The current state of microplastic pollution has been globally recognized as having reached a critical pinnacle. In 2010, 12 million metric tonnes of plastic were estimated to be present in the ocean, with an addition of 8 million metric tonnes being inputted per annum. Of this, 236 thousand tonnes are composed of microplastics; defined as being less than 5mm.

Microplastics bear similarity in size and motility to marine microbiota known as plankton and the presence of these microorganisms is essential to total ecosystem functioning. Fundamentally, they are composed of two separate taxa, namely phytoplankton and zooplankton. Phytoplankton are the basis of all marine pelagic foodwebs, where solar energy is harnessed and converted into a primary organic energy source. Then the zooplankton, as primary consumers of the phytoplankton, are responsible for the initial transfer of primary energy to successive higher trophic levels. 

The amount of ocean plastic is set to increase by a factor of 10 by 2020 and by 2050, it is predicted that at the current rate of input and accumulation, there will be more plastic in the ocean than fish (by dry mass).

Whilst marine plastic is prevalent in surface waters, specifically 0 – 2.5m, traces have been found at depths of 11km below sea surface level (henceforth abbreviated to SSL), meaning synthetic polymers are contaminating even the most remote regions of Earth.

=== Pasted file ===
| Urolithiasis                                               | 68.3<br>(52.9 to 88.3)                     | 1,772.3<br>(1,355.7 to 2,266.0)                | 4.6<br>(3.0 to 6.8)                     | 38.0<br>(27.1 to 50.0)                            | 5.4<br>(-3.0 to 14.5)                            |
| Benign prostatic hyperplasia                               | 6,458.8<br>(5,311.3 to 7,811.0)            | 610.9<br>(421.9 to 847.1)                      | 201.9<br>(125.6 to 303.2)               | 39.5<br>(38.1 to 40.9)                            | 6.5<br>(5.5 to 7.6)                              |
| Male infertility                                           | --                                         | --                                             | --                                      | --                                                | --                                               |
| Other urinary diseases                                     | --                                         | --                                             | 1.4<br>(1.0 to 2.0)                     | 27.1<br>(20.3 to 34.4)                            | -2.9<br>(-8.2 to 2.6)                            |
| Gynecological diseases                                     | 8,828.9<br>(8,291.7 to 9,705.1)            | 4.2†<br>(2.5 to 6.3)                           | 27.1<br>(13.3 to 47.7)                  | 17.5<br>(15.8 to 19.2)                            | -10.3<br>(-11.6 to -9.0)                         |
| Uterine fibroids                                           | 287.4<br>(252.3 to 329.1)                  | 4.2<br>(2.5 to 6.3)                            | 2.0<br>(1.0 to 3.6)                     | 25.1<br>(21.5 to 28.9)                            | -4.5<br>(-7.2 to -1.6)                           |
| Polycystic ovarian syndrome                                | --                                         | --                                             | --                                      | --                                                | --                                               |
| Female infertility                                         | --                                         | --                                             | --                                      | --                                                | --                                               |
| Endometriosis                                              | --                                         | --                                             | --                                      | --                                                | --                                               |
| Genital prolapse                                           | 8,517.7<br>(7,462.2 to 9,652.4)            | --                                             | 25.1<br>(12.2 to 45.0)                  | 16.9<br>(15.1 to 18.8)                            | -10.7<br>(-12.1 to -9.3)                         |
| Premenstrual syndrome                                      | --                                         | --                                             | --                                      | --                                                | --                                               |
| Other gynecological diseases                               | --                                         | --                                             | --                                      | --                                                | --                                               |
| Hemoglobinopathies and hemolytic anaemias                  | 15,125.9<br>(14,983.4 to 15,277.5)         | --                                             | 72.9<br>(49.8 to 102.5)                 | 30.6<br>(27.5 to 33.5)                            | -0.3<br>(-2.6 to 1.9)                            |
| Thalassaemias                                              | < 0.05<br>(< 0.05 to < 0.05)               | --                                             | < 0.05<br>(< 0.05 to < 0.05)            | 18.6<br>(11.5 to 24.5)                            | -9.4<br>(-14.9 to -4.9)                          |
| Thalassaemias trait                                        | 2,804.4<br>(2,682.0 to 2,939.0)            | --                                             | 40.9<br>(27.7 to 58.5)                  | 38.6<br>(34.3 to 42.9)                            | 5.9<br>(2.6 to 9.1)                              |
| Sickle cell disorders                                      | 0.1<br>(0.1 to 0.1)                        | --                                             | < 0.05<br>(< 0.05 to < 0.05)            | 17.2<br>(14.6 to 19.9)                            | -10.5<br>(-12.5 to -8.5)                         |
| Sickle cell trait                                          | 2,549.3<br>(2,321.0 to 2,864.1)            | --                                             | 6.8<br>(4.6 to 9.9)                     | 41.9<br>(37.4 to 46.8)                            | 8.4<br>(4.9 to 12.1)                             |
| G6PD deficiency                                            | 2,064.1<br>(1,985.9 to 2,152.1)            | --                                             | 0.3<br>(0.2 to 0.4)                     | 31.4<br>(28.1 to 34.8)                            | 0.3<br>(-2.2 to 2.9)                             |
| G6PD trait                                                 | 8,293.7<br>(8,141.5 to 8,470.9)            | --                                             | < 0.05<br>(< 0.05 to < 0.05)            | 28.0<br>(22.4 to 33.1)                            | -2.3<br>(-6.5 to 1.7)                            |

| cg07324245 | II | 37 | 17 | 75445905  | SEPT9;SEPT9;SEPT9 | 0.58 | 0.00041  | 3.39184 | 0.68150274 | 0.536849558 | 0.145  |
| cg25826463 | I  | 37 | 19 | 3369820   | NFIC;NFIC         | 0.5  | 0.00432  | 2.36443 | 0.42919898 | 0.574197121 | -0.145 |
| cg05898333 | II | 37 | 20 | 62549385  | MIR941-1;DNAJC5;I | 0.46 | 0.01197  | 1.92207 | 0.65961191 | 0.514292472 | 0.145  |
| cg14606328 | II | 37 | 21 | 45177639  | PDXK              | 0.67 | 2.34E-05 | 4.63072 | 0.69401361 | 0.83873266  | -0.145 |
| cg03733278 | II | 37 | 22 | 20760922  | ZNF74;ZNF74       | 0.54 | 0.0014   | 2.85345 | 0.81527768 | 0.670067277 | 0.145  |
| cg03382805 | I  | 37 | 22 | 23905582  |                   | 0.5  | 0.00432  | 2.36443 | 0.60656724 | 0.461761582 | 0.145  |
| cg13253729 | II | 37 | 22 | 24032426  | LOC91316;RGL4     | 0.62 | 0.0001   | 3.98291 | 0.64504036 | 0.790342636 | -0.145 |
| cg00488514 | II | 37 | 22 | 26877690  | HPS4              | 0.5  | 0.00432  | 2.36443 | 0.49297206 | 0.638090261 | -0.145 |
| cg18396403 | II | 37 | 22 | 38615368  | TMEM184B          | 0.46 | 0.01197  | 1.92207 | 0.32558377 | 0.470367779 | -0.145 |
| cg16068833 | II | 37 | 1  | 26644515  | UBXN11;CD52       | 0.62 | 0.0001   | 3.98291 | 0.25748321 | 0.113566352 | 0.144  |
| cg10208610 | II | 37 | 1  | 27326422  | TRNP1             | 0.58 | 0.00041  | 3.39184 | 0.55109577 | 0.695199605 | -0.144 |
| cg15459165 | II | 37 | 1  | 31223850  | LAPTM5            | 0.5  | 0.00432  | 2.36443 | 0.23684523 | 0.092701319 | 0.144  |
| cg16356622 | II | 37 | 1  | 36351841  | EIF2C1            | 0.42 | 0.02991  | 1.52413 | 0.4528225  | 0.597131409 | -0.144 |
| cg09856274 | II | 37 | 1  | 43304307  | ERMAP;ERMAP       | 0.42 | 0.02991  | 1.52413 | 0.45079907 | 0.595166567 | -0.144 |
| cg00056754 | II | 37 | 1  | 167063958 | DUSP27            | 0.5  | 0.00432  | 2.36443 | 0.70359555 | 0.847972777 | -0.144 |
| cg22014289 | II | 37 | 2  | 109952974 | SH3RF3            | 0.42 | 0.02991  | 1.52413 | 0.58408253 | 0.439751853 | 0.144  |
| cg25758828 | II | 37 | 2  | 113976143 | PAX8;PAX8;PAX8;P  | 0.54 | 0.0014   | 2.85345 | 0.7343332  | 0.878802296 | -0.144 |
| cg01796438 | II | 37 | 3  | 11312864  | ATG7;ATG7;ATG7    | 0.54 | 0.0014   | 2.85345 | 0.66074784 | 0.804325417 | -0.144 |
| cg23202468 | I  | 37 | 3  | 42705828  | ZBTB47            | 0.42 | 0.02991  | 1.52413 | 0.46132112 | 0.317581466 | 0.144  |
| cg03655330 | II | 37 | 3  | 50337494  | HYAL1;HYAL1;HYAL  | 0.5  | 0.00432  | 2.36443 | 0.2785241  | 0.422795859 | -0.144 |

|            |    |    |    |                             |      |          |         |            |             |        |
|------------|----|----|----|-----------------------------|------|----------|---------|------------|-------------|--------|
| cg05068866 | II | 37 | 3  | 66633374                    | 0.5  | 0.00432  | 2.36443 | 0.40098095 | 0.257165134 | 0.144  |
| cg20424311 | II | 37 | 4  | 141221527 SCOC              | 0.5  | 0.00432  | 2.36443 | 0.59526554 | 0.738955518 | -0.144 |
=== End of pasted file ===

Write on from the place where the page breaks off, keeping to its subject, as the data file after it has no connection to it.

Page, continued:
Sources of marine microplastic are either primary: derived from many popular daily use cosmetics (one bottle of facial exfoliant alone contains around 300,000 microbeads) or secondary; present from the degradation of macroplastics via ultraviolet radiation and mechanical weathering.



Laurent Lebreton map of the world showing plastic waste from rivers


LEBRETON 2017 - Mass of river plastic flowing into oceans in tonnes per year. River contributions are derived from individual watershed characteristics such as population density, mismanaged plastic waste (MPW) production per country and monthly averaged runoff. The model is calibrated against river plastic concentration measurements from Europe, Asia, North and South America.




Many marine organisms cannot distinguish plastic from food and often starve by the accumulation of non-digestible plastic in the gastric system.

The Great Pacific Gyre has the largest aggregation of plastics and it is estimated that 80% of seabirds feeding here have ingested plastic; other marine animals having 74% [dry mass] plastic debris-composed diets.